Effect of a simple versus a complex matrix on the polarity of cardiomyocytes in culture

J Burns Wounds. 2006 Mar 30;5:e3.

Abstract

Objective: The objective of this study was to observe the effects of cell culture on cellular polarity in cardiomyocytes as influenced by cytoskeletal proteins.

Methods: Cardiomyocytes from adult and neonatal rats were isolated and grown on 2 different extracellular matrices--laminin and a complex, fibroblast-derived extracellular matrix, cardiogel. The location of a number of proteins was visualized by means of fluorescence deconvolution microscopy, using specific fluorescent probes for alpha-adrenergic receptors, beta-adrenergic receptors, the sarcolemmal L-type calcium channel, and the sodium + potassium adenosine triphosphatase pump protein. Intracellular migration of these proteins during the first 4 days of culture was followed and microscopic stacked images were reconstructed. A fluorescein isothiocyanate-labeled probe for actin was used to ensure that cardiomyocytes were being examined, based on protein patterns.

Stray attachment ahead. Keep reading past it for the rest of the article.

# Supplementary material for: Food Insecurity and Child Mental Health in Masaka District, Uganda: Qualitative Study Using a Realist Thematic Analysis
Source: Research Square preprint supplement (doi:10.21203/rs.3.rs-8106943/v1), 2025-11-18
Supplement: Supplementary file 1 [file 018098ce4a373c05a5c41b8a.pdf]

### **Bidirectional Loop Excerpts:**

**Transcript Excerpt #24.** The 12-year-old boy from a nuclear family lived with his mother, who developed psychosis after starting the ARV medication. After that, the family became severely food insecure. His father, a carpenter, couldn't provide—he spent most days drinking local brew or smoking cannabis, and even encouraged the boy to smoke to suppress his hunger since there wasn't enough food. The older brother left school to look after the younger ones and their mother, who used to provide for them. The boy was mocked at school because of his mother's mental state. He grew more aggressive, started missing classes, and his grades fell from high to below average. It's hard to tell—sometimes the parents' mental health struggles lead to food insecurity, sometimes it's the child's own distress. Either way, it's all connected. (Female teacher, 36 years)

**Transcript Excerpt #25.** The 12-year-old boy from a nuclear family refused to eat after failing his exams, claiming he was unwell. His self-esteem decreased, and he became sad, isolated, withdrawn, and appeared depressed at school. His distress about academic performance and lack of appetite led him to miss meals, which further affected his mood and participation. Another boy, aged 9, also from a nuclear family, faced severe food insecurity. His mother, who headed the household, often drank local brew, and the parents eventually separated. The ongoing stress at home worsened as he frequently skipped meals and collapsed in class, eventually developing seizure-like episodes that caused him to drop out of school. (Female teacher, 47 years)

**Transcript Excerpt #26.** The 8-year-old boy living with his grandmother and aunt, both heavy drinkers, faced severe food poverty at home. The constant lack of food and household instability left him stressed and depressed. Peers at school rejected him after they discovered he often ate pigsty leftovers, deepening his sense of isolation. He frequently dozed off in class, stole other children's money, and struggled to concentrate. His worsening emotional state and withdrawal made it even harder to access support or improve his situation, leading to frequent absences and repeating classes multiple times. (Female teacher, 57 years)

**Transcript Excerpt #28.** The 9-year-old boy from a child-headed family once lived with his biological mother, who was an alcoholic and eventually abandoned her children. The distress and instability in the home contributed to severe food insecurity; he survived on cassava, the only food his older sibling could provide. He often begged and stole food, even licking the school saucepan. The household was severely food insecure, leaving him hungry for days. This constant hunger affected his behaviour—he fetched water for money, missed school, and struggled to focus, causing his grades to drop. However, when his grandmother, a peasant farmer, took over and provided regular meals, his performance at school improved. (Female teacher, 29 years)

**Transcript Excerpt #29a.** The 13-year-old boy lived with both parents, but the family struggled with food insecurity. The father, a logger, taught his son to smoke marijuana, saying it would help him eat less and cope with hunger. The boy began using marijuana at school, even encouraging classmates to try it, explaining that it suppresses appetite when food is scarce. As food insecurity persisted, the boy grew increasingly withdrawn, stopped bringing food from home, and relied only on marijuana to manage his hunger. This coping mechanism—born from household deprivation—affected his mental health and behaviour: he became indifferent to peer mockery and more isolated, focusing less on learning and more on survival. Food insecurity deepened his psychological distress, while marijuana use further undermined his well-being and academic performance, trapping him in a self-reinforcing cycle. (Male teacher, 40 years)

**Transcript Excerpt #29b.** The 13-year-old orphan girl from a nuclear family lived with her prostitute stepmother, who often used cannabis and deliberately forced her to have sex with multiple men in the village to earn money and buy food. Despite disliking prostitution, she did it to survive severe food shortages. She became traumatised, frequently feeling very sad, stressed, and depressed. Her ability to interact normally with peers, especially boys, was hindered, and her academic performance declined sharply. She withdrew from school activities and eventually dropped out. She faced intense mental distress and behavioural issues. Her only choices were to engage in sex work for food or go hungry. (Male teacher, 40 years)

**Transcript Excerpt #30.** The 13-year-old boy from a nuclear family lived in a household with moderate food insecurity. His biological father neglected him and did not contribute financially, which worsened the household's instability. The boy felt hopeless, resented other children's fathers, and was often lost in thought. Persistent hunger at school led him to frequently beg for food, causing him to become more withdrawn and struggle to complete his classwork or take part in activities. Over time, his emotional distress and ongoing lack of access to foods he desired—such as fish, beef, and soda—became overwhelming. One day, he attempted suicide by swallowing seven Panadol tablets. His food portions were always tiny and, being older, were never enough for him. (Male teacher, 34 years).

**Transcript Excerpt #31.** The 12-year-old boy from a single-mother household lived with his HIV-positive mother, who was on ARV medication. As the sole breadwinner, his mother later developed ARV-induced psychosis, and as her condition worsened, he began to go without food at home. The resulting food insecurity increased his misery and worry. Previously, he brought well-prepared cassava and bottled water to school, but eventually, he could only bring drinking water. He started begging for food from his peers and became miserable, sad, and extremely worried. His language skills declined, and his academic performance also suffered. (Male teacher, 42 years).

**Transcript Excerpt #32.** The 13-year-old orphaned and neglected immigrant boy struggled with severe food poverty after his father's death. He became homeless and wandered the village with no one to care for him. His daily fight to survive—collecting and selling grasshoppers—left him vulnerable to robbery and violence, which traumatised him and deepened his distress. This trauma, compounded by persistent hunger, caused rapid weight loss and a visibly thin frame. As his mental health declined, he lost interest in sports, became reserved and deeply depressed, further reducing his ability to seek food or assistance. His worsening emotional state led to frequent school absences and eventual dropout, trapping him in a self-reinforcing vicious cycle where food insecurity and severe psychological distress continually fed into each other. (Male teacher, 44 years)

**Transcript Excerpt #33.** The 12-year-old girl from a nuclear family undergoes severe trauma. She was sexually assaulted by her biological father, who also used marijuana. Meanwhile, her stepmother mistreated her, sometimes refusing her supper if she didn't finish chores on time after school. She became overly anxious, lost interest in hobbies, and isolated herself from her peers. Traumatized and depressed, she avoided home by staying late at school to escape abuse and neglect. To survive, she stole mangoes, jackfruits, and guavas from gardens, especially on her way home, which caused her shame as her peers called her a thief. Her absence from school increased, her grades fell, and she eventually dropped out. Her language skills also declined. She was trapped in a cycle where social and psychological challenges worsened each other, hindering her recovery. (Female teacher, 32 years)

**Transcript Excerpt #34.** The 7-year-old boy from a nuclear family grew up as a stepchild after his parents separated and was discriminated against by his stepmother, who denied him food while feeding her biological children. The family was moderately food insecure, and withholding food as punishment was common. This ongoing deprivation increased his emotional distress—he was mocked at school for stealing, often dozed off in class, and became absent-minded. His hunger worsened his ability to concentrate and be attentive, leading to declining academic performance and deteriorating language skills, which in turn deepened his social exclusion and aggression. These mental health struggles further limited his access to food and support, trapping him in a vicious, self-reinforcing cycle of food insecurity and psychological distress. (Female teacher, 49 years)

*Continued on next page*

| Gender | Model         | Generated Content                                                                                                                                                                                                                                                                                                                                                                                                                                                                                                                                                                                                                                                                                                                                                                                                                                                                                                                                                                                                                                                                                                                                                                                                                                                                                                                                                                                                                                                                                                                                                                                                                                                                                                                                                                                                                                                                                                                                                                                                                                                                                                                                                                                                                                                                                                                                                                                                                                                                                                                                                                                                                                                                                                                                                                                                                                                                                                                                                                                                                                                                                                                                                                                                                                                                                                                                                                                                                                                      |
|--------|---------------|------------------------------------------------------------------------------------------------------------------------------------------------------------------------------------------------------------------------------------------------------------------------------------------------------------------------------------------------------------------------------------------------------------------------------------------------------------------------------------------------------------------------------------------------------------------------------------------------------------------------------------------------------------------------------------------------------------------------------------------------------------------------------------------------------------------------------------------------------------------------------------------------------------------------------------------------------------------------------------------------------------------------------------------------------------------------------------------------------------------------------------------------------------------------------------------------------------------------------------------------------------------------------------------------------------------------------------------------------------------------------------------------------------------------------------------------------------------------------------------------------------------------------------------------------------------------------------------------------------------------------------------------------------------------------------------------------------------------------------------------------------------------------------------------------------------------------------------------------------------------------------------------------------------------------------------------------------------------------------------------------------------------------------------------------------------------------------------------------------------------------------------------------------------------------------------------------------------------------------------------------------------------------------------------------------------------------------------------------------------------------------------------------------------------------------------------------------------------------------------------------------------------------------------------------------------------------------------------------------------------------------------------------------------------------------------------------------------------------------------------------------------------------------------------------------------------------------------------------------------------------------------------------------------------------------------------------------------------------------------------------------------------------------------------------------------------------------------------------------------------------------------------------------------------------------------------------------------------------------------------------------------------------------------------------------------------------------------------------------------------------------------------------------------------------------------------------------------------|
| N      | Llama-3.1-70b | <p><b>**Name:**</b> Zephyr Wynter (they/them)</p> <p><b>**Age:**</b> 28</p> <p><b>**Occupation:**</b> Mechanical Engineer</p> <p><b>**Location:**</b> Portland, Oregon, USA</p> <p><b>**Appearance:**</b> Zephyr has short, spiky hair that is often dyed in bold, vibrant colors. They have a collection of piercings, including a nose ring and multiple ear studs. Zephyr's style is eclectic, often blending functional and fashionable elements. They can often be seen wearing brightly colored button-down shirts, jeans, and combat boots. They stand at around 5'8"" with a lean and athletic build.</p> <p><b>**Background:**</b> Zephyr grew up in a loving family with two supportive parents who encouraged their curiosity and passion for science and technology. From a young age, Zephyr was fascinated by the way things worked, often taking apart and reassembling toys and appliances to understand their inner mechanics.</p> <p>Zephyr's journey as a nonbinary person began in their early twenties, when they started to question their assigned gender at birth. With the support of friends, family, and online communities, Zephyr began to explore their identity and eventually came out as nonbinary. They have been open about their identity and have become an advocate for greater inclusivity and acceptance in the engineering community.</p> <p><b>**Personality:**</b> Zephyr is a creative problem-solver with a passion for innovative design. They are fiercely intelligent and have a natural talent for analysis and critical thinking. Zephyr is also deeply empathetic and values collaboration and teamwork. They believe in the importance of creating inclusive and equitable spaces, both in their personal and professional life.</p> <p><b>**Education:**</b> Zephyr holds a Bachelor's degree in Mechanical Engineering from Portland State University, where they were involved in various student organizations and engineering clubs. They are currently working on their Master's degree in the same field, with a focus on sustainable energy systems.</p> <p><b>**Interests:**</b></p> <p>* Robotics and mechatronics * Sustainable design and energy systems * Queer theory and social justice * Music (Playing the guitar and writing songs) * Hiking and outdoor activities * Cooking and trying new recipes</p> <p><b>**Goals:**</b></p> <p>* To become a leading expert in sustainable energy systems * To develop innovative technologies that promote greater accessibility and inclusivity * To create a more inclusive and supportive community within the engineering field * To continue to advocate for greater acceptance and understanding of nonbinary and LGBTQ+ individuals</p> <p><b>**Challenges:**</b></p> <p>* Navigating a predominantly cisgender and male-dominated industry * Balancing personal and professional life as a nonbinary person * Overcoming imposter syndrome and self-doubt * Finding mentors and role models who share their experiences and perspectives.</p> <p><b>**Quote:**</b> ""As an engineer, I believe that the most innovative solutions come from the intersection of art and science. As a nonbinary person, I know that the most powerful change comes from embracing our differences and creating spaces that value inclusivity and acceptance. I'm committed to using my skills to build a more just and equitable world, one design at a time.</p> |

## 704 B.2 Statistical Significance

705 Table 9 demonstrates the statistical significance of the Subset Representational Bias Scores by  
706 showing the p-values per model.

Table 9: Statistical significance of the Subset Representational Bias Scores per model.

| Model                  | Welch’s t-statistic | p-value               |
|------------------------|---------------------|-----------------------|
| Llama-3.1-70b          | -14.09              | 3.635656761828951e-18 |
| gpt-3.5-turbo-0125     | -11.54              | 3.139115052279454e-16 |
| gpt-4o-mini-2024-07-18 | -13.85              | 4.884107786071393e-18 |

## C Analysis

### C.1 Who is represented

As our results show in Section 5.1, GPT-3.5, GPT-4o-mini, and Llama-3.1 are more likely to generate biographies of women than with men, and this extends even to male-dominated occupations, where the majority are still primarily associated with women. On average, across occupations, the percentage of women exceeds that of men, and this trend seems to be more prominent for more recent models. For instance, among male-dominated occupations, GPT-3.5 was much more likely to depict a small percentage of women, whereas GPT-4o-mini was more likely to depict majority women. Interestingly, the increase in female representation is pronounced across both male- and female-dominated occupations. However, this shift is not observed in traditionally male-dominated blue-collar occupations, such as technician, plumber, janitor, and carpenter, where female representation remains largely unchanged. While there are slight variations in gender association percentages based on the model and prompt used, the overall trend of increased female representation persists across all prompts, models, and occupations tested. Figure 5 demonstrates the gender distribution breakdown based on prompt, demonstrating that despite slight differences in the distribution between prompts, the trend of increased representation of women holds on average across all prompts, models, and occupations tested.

Results: We examined 2 types of myocyte: freshly isolated neonates and cultured adult cardiomyocytes that undergo dedifferentiation. Initial, perinuclear clumping (endoplasmic reticulum/Golgi-associated) of the probes with an ensuing spread to the cytoplasm and periphery, accompanied by a better organization and more rapid response to biochemical stimuli, was seen on the complex matrix.

Conclusions: A complex matrix overcomes cell polarity at a faster rate than myocytes cultured on a simple matrix, although both culture matrices were able to support cell growth and differentiation, and single-layer cultures are a good method by which structural and biochemical data can be obtained. The use of a native, complex matrix is preferable to employing a simple, single protein, although temporal aspects of cell growth must be considered regarding the particular aspect of the cell structure development/biochemical pathways that the researcher intends focusing on.